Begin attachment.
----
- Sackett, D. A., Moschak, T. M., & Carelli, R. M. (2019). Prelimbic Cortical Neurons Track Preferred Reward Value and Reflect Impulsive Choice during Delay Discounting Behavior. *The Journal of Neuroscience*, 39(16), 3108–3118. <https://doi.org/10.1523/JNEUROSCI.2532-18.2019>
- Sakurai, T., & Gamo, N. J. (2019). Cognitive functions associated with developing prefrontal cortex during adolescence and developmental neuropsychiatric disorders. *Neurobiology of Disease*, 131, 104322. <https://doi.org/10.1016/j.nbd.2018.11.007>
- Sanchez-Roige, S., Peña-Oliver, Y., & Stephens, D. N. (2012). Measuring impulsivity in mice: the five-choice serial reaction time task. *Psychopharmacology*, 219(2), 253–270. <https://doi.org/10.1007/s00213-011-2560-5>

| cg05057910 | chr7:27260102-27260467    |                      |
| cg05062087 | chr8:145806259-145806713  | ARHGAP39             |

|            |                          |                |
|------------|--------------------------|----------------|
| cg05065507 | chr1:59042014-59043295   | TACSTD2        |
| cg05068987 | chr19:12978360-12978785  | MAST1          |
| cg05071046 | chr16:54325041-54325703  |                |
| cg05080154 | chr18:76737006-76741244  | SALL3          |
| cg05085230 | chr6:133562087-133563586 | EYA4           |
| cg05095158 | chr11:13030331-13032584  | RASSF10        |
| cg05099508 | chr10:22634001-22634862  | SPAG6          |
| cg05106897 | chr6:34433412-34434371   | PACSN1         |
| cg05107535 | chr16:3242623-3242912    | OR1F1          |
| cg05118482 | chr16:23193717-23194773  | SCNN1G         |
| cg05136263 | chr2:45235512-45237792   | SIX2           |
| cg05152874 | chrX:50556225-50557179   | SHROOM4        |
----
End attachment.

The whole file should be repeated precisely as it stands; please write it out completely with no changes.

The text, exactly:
- Sackett, D. A., Moschak, T. M., & Carelli, R. M. (2019). Prelimbic Cortical Neurons Track Preferred Reward Value and Reflect Impulsive Choice during Delay Discounting Behavior. *The Journal of Neuroscience*, 39(16), 3108–3118. <https://doi.org/10.1523/JNEUROSCI.2532-18.2019>
- Sakurai, T., & Gamo, N. J. (2019). Cognitive functions associated with developing prefrontal cortex during adolescence and developmental neuropsychiatric disorders. *Neurobiology of Disease*, 131, 104322. <https://doi.org/10.1016/j.nbd.2018.11.007>
- Sanchez-Roige, S., Peña-Oliver, Y., & Stephens, D. N. (2012). Measuring impulsivity in mice: the five-choice serial reaction time task. *Psychopharmacology*, 219(2), 253–270. <https://doi.org/10.1007/s00213-011-2560-5>

| cg05057910 | chr7:27260102-27260467    |                      |
| cg05062087 | chr8:145806259-145806713  | ARHGAP39             |

|            |                          |                |
|------------|--------------------------|----------------|
| cg05065507 | chr1:59042014-59043295   | TACSTD2        |
| cg05068987 | chr19:12978360-12978785  | MAST1          |
| cg05071046 | chr16:54325041-54325703  |                |
| cg05080154 | chr18:76737006-76741244  | SALL3          |
| cg05085230 | chr6:133562087-133563586 | EYA4           |
| cg05095158 | chr11:13030331-13032584  | RASSF10        |
| cg05099508 | chr10:22634001-22634862  | SPAG6          |
| cg05106897 | chr6:34433412-34434371   | PACSN1         |
| cg05107535 | chr16:3242623-3242912    | OR1F1          |
| cg05118482 | chr16:23193717-23194773  | SCNN1G         |
| cg05136263 | chr2:45235512-45237792   | SIX2           |
| cg05152874 | chrX:50556225-50557179   | SHROOM4        |